Smeets sees new commercial opportunities for Infrabel in the IT and telecoms functions it has taken over from SNCB Holding. "This transfer allows us to develop these activities a bit more and consider what services we could offer to the market," he says. "Infrabel has a major cable network and while most of the capacity is used internally we could develop new activities using spare capacity. It won't be a major activity, but there are certainly opportunities."
The 2013-2025 investment plan approved by the federal government last July allocates more than €1bn per year to Infrabel over the next decade for investment in the network, with a focus on renewing signalling systems and concentration of signalboxes to improve on-time performance and safety.
"Safety is a key priority for this period and there is a lot of emphasis on modernising signalling systems," says Smeets. "We want to be a European leader in ERTMS."
€5.2bn is allocated to investment in safety during this period, including €2.3bn for ETCS and the Transmission Balise Locomotive driving aid system (TBL1+), and this will allow Infrabel to complete the national ERTMS rollout by 2022 (IRJ March 2013 p39). In the meantime, the implementation of the TBL1+, which has already contributed to a significant fall in the number of signals passed at danger, will be fully completed by the end of 2015. By the end of 2012 all key junctions on the Belgian rail network were equipped with TBL1+.
Over the next decade train control will be increasingly centralised on a small number of signalling centres, a process that is already underway. The number of signalboxes has been more than halved in the last decade, from 368 in 2005 to 180 last year, and this process will continue with train control being concentrated at 31 locations by the end of 2016 and just 10 by 2022.
Infrabel is also working to improve safety at level crossings, building on the €23m invested in its crossing modernisation and removal programme in 2012. The number of level crossings on the Belgian network fell from 1879 at the end of 2011 to 1857 at the end of 2012.
The increasing automation of infrastructure is expected to drive new approaches to asset management, and Smeets anticipates a shift towards a more preventative maintenance regime. "Increasingly data is being handled centrally, which allows better planning and organisation of maintenance work and gives us a much better understanding of the condition of our assets," says Smeets. "I think our organisational structure will have to evolve to take profit of new ways of working. This is a transition that is underway in other countries and I'm confident it will happen in Belgium, and it will result in much better coordination of maintenance activities in the future."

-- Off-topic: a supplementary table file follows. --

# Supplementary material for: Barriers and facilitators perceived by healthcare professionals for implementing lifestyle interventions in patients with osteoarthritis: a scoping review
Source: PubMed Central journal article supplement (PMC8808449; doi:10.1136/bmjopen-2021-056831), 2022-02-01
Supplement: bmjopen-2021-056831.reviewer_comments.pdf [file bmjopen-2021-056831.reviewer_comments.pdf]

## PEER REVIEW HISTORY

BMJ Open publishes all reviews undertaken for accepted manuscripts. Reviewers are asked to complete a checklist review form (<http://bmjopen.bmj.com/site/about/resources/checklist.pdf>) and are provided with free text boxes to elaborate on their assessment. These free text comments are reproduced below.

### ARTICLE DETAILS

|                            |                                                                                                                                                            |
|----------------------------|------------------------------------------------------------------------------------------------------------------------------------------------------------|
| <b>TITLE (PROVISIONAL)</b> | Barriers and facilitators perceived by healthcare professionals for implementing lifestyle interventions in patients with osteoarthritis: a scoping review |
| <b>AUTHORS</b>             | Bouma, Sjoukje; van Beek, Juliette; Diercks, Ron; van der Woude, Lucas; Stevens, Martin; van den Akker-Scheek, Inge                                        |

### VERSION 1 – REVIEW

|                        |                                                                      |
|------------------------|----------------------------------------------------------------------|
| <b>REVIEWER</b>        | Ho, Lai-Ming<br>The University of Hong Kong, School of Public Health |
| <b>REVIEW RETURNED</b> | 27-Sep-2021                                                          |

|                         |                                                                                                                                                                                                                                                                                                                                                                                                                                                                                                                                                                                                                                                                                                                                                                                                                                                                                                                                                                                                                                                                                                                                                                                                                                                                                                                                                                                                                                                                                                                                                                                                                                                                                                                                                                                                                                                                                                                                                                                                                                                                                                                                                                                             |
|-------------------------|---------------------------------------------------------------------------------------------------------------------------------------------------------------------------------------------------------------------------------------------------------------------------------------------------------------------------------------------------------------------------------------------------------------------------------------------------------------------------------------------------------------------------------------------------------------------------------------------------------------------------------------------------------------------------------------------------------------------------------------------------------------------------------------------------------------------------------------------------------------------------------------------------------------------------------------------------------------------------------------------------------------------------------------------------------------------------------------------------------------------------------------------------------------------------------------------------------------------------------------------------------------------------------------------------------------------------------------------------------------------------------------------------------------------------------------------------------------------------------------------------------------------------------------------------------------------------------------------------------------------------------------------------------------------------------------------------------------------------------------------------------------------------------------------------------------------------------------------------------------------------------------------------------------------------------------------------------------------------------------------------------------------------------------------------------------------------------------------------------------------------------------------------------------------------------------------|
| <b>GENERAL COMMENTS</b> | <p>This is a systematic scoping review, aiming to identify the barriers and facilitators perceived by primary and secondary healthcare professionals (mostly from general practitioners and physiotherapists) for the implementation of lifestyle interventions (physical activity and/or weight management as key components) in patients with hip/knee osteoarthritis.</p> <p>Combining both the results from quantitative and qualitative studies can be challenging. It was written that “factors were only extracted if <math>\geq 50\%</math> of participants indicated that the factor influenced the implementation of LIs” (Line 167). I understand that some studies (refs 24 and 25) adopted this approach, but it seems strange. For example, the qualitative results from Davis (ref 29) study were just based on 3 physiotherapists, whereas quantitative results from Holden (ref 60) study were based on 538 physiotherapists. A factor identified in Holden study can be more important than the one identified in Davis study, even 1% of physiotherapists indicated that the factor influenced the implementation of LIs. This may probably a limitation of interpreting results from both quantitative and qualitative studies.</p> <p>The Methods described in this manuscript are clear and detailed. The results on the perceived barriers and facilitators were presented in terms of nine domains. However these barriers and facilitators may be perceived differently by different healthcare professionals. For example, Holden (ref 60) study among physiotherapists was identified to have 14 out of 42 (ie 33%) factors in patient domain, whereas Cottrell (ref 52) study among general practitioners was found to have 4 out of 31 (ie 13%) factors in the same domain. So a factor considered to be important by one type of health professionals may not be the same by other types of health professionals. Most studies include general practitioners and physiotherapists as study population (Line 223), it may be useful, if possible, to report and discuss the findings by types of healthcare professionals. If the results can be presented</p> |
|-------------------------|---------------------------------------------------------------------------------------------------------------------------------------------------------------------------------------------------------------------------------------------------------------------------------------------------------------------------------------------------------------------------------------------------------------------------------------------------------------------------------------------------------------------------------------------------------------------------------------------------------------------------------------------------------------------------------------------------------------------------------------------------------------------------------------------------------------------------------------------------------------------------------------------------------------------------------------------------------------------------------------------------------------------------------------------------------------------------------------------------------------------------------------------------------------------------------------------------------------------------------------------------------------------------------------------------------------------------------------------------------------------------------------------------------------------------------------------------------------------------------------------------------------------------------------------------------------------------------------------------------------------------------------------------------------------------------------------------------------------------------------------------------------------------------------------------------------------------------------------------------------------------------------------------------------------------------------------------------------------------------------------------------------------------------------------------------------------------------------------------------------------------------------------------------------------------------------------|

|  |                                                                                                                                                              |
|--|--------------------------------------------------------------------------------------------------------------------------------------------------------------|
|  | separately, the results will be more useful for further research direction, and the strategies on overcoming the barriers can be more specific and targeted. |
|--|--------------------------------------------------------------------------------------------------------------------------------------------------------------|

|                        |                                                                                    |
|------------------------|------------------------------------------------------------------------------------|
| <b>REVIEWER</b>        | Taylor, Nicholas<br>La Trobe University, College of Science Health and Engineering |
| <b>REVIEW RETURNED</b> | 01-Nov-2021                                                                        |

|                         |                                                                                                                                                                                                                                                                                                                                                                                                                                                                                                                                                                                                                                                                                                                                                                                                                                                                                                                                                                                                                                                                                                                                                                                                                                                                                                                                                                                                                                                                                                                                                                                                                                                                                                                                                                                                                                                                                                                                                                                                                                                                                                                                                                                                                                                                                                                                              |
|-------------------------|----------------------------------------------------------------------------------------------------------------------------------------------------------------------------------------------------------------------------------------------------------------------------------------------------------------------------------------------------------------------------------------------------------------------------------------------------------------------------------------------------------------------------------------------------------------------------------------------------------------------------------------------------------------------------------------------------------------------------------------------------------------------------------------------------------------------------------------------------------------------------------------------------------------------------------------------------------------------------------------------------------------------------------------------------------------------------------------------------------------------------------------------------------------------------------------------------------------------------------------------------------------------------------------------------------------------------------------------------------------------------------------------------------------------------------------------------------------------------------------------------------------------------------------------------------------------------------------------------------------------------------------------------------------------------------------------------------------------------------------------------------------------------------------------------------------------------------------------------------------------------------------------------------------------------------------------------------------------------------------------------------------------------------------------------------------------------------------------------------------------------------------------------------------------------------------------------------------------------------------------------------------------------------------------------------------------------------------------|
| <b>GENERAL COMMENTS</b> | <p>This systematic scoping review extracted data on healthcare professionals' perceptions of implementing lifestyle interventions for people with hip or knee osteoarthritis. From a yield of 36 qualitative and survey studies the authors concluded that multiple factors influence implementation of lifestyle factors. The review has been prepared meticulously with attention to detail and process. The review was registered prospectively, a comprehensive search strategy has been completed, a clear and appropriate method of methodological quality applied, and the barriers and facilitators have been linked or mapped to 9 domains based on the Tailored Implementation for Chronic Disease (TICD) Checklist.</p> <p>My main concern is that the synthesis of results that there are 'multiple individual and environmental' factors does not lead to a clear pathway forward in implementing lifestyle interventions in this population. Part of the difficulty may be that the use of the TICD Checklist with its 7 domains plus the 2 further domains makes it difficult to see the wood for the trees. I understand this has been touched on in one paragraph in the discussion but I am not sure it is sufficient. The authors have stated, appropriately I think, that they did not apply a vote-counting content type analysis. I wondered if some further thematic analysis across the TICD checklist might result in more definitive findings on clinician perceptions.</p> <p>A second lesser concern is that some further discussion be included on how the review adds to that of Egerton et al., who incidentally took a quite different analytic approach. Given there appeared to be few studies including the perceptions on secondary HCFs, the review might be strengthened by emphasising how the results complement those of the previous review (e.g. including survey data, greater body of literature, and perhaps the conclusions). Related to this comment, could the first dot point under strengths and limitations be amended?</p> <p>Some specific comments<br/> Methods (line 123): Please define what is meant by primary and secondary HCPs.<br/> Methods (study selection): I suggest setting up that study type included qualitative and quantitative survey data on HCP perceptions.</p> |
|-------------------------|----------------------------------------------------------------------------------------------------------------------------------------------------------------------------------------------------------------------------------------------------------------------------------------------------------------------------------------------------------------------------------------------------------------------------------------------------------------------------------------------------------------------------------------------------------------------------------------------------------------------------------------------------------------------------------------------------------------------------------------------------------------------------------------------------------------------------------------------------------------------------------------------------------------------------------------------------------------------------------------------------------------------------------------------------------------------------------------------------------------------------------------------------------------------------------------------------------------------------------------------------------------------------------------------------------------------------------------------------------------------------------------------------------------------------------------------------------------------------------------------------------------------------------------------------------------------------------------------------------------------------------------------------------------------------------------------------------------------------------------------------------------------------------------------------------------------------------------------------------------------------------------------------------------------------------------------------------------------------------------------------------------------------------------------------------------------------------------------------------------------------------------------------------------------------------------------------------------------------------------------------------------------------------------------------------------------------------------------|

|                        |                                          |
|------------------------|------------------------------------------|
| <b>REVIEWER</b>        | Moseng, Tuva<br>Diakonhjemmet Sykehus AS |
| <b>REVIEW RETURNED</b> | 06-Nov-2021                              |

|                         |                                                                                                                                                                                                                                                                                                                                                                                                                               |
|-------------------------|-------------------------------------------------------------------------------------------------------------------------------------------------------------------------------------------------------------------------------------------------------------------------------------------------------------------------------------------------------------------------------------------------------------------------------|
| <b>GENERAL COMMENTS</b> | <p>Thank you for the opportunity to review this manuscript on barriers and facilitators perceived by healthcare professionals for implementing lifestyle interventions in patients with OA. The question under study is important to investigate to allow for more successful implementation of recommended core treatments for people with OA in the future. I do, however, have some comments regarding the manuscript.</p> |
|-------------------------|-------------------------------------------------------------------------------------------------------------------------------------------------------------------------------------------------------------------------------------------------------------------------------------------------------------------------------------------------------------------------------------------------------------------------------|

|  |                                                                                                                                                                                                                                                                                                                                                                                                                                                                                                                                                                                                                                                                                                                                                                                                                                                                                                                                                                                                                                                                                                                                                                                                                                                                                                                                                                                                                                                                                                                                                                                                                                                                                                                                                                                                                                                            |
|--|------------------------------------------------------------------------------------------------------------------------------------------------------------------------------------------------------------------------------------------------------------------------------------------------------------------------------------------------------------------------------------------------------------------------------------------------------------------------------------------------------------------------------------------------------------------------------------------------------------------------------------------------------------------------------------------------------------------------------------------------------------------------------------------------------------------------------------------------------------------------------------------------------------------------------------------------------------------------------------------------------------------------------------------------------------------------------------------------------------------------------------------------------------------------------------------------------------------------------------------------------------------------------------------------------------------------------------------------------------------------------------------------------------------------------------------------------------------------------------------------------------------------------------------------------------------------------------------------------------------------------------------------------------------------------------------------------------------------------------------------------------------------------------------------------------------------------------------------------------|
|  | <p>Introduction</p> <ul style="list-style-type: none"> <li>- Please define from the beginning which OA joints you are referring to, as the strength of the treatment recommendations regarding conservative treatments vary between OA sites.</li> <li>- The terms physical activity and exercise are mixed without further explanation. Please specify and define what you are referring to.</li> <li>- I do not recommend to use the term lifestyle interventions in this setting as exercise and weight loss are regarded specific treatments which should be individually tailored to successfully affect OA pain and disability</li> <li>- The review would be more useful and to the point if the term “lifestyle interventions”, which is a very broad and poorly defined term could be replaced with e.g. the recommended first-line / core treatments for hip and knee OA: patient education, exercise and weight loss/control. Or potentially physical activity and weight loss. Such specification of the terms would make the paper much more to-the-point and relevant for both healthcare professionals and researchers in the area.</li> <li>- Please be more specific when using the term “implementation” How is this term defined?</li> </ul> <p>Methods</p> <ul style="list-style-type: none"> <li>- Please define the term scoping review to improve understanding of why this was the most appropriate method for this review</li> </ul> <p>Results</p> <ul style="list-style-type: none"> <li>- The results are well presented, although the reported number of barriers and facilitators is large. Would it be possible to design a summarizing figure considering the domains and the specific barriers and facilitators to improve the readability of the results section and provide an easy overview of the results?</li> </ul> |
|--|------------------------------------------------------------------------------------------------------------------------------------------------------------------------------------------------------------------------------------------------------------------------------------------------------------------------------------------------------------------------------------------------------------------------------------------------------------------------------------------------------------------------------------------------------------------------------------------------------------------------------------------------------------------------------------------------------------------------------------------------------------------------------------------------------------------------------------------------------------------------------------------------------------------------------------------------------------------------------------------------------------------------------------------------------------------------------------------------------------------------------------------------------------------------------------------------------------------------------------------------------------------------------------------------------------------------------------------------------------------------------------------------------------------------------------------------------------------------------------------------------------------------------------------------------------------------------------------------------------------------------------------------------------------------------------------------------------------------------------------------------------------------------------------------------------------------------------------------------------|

No more PPPs?
A key development over the last decade was the use of public-private partnerships (PPPs) to implement major infrastructure schemes,
including the Diabolo link to Brussels Airport and the Liefkenshoek Rail Link, which will provide a new rail connection between Antwerp's eastern and western docks. Yet while these projects have achieved widespread acclaim, Infrabel is not currently planning any further PPPs.
"These have been very successful projects, both on time and on budget, but they were very complex, they took a long time to set up, and they need to be managed and monitored by a dedicated team," says Smeets. "We want to test both projects in operation and see how they perform in the longer term, but it's clear that PPPs can't be a regular business for Infrabel because they consume a lot of time and resources. PPPs have limits and they are complicated politically because they affect governments 10 to 30 years into the future."
Smeets stresses the current policy on PPPs could be reviewed in the future, and is very much at the discretion of the country's political leaders, but for the time being at least it seems the Belgian government favours direct public funding for major railway investment projects.
Belgium's railways are set for significant change over the next 10 years, with the reorganisation of SNCB and Infrabel, an increasing number of open-access operators using the network, and investment in modern signalling and train control systems driving improvements in safety, punctuality, and efficiency. With continued growth in passenger and freight volumes, there will also be pressure to provide additional capacity, particularly on the north-south line through Brussels city centre and on the key freight routes to the ports of Zeebrugge and Antwerp. An efficient structure and political stability will be vital if Infrabel and SNCB are to meet the growth challenge.